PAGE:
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Wikipedia's article on the IBM System/4 Pi says:

The IBM System/4 Pi is a family of avionics computers used, in various versions, on the F-15 Eagle fighter, E-3 Sentry, AWACS, Harpoon Missile, NASA's Skylab, MOL, and the Space Shuttle, as well as other aircraft. The name of the system refers to the number of steradians (4π) in a sphere. Development began in 1965, deliveries in 1967.

It descends from the approach used in the System/360 mainframe family of computers in that members of the family were intended for use in many varied user applications. Previously custom computers had been designed for each aerospace application, which was extremely costly.

It sounds to me like the idea of providing the System/4 Pi was to provide a bit of standardization, but spaceflight involves an elevated exposure to radiation.

Were there any aspects of the system that were further modified for radiation hardening in spaceflight applications, such as special chips or components or did the standard system already have sufficient hardening?

enter image description here

Source

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    $\begingroup$ At that time in history, computers are not nearly vulnerable to radiation as they are now. So is the application (to reliability issues). $\endgroup$ May 10, 2019 at 3:52
  • $\begingroup$ @user3528438 I think that's a really important point, thank you! Consider posting a supplemental answer? $\endgroup$
    – uhoh
    May 10, 2019 at 3:53

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The IBM AP-101S used as the flight computer on the Space Shuttle in the latter part of the program was known to ops personnel as the General Purpose Computer (GPC). Each of the 5 GPCs in the Data Processing System (DPS) had 256k (yes k) of CMOS memory.

This memory was volatile and prone to corruption by radiation (Single Event Upsets, SEUs). Thus there were additional bits of memory for each halfword used for Error Correcting Code (ECC), parity checking, and code overwrite protection. A separate microprocessor performed the error checking.

Only the main memory was protected by ECC, CPU registers were not.

The original shuttle GPC, the AP-101B, had non-volatile memory, but the S model was half the size and had greatly reduced power and cooling loads.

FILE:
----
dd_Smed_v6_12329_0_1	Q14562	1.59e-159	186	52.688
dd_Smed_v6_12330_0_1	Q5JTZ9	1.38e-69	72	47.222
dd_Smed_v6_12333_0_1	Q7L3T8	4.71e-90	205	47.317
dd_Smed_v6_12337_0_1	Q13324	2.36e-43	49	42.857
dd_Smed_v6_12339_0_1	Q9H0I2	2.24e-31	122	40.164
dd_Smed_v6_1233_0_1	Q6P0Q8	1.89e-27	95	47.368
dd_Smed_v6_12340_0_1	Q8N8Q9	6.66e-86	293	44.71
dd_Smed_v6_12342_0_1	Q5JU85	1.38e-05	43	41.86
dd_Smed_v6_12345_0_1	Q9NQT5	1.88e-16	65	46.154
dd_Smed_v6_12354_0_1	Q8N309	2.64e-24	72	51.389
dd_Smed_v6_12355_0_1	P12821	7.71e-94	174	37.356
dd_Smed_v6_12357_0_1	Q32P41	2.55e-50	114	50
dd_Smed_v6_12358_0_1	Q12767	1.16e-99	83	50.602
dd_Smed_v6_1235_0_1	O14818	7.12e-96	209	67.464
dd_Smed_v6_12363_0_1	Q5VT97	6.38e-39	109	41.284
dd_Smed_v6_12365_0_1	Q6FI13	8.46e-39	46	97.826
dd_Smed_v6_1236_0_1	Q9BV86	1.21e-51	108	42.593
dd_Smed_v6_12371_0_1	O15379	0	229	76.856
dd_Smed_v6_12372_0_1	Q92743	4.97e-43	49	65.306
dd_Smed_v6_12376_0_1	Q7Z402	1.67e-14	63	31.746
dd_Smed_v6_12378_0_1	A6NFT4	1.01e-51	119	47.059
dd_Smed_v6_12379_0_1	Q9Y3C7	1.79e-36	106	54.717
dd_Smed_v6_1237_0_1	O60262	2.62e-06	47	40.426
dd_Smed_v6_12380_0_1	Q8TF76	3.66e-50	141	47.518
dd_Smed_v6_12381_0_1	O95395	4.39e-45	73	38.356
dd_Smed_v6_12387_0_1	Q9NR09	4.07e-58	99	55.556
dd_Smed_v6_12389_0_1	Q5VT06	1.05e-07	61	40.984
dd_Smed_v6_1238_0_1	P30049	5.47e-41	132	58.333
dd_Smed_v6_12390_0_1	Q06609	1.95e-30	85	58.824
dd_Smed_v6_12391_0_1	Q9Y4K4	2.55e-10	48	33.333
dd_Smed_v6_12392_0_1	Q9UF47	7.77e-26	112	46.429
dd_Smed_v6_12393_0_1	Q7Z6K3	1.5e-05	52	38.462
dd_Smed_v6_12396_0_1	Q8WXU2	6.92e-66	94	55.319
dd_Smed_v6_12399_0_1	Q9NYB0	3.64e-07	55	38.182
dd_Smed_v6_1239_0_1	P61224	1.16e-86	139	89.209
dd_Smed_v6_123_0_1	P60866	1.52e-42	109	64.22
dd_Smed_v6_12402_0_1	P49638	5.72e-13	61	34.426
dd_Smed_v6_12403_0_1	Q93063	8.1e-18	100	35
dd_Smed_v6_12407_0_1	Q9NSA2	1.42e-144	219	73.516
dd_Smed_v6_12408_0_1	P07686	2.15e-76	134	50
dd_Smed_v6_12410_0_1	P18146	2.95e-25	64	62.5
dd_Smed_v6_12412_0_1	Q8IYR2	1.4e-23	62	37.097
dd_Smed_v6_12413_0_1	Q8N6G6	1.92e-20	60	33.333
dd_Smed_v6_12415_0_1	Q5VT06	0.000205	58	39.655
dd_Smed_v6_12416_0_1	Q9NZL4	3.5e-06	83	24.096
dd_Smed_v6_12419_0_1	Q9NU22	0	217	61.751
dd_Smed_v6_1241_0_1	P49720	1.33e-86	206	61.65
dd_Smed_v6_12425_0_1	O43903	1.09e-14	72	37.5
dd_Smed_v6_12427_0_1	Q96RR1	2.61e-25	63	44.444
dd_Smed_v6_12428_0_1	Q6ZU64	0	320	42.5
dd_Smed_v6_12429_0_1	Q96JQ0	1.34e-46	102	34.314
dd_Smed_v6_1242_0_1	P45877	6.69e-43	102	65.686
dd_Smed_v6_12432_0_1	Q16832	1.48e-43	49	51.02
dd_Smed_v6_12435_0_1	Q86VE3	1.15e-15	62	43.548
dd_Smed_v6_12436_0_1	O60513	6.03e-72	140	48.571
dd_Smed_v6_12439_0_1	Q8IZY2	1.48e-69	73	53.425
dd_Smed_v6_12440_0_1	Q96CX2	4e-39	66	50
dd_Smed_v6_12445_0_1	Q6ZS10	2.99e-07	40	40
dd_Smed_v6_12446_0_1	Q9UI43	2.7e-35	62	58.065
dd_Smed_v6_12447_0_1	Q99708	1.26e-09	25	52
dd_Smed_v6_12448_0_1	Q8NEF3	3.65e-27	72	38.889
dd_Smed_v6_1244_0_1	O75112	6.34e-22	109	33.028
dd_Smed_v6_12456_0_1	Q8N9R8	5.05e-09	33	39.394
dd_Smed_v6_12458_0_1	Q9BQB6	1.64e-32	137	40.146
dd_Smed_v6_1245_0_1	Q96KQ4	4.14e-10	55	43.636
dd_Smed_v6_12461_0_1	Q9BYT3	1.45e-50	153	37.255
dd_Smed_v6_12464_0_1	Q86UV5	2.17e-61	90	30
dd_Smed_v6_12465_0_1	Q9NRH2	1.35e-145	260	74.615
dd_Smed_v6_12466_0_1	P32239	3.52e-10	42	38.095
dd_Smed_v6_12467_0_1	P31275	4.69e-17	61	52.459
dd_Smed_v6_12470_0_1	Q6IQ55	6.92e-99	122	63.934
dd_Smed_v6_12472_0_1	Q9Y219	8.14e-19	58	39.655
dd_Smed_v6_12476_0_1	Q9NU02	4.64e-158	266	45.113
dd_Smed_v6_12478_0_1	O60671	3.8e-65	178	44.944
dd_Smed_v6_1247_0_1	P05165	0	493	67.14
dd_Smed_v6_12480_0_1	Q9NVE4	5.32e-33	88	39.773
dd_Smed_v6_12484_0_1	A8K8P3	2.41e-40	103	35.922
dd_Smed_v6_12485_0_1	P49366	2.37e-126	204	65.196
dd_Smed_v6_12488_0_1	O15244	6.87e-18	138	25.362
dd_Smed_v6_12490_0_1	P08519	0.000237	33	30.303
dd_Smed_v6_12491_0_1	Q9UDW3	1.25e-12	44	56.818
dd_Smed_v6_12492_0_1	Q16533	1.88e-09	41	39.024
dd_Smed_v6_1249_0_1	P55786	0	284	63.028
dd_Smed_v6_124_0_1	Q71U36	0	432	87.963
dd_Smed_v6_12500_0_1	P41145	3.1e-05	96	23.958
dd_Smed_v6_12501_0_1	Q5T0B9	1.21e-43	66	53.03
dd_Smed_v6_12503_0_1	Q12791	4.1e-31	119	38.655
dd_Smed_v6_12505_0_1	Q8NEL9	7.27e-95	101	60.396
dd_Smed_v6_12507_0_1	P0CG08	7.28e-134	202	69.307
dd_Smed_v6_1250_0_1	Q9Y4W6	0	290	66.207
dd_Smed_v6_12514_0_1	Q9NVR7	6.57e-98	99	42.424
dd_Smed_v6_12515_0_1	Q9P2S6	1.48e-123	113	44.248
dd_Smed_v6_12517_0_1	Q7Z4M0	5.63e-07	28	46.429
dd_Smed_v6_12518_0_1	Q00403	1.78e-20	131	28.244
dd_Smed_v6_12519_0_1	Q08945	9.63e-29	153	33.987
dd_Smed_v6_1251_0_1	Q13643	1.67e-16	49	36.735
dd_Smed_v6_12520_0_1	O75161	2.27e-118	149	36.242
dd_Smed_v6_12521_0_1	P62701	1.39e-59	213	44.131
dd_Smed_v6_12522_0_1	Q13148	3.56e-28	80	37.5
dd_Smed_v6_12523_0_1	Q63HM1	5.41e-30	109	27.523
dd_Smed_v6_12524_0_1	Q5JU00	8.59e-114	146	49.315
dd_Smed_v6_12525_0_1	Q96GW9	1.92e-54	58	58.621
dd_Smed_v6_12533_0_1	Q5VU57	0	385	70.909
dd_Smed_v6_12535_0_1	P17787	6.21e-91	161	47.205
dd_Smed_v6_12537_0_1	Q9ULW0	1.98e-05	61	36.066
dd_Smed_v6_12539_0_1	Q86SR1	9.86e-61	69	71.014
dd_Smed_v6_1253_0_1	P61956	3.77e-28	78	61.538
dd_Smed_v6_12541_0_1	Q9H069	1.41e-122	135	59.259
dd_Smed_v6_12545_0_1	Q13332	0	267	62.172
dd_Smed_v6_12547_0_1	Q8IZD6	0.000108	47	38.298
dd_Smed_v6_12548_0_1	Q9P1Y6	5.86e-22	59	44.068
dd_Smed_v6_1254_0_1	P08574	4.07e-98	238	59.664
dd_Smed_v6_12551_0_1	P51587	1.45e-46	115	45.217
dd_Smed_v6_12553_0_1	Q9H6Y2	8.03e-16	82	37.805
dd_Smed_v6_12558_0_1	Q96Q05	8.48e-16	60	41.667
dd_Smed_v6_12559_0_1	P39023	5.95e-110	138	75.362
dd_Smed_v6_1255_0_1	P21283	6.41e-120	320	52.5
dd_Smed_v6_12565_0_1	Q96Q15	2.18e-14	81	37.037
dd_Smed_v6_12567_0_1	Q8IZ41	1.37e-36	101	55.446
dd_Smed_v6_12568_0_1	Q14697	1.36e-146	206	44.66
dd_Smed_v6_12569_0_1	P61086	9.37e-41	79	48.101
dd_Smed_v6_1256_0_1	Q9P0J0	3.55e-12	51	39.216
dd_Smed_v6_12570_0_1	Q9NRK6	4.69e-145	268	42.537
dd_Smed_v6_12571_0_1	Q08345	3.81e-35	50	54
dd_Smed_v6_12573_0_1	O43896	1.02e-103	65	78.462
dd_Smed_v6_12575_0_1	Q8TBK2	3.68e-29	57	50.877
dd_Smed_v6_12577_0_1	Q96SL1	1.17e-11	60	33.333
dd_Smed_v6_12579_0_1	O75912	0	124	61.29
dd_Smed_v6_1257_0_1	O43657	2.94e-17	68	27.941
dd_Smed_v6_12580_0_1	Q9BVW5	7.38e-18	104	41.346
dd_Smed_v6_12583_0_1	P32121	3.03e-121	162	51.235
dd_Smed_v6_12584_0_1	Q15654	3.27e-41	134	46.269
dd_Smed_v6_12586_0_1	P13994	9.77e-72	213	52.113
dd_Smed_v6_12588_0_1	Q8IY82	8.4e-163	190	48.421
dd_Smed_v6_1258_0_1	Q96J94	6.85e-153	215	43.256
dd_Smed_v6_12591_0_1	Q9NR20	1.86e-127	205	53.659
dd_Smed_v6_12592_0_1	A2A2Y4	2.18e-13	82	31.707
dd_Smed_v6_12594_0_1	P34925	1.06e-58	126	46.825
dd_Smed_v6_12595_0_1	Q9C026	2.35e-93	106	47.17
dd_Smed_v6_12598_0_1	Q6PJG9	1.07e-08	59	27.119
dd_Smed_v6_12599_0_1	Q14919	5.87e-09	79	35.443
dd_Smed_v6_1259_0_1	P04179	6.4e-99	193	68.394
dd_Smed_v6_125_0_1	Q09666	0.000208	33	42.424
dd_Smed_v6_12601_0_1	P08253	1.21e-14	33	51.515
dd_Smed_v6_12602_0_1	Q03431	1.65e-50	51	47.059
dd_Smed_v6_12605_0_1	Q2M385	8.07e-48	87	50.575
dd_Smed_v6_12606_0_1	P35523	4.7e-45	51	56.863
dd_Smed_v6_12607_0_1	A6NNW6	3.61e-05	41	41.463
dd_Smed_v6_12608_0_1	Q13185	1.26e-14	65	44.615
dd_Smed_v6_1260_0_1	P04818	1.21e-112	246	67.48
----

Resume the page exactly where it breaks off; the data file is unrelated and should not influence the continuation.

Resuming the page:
Source: Sadly, personal notes. There is an old Shuttle DPS Overview Training manual available online here but this info likely came from the more detailed HW/SW training manual which I did not find online (but it may be available from Wichita State University or Texas Tech)

The photo below shows an AP-101S GPC from the Shuttle Mission Simulator. Personal photograph taken as the Motion Base crew station was being prepared for museum display.

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    $\begingroup$ Wow thank you for the great and well backgrounded answer. It's great that you have and are such a deep library of information! Do you happen to know what kind of memory the non-volatile memory was? For example, was it SRAM, or FLASH, or magnetic Bubble memory, or something else? $\endgroup$
    – uhoh
    May 9, 2019 at 4:43
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    $\begingroup$ I saw a bunch of GPCs in the Shuttle Avionics Integration Lab for the first time about a week ago. I hadn't realized SAIL is a location on the JSC tour, but it is! One of the only actual-size shuttle cockpits that I've seen (instead of overlarge ones for simulators). $\endgroup$
    – Erin Anne
    May 9, 2019 at 6:06
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    $\begingroup$ @uhoh- according to wikipedia, the AP-101B used magnetic core memory (because it was fully matured technology in the late 1970's). $\endgroup$
    – amI
    May 9, 2019 at 6:54
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    $\begingroup$ Yes, core memory was used in the B model. @ErinAnne, the SMS used real GPCs too. I looked through my pictures but I couldn't find a good one of the SMS GPCs, just the cabinet they lived in. $\endgroup$ May 9, 2019 at 12:08
  • $\begingroup$ @amI Has magnetic core memory been used beyond the Moon? $\endgroup$
    – uhoh
    May 9, 2019 at 12:11

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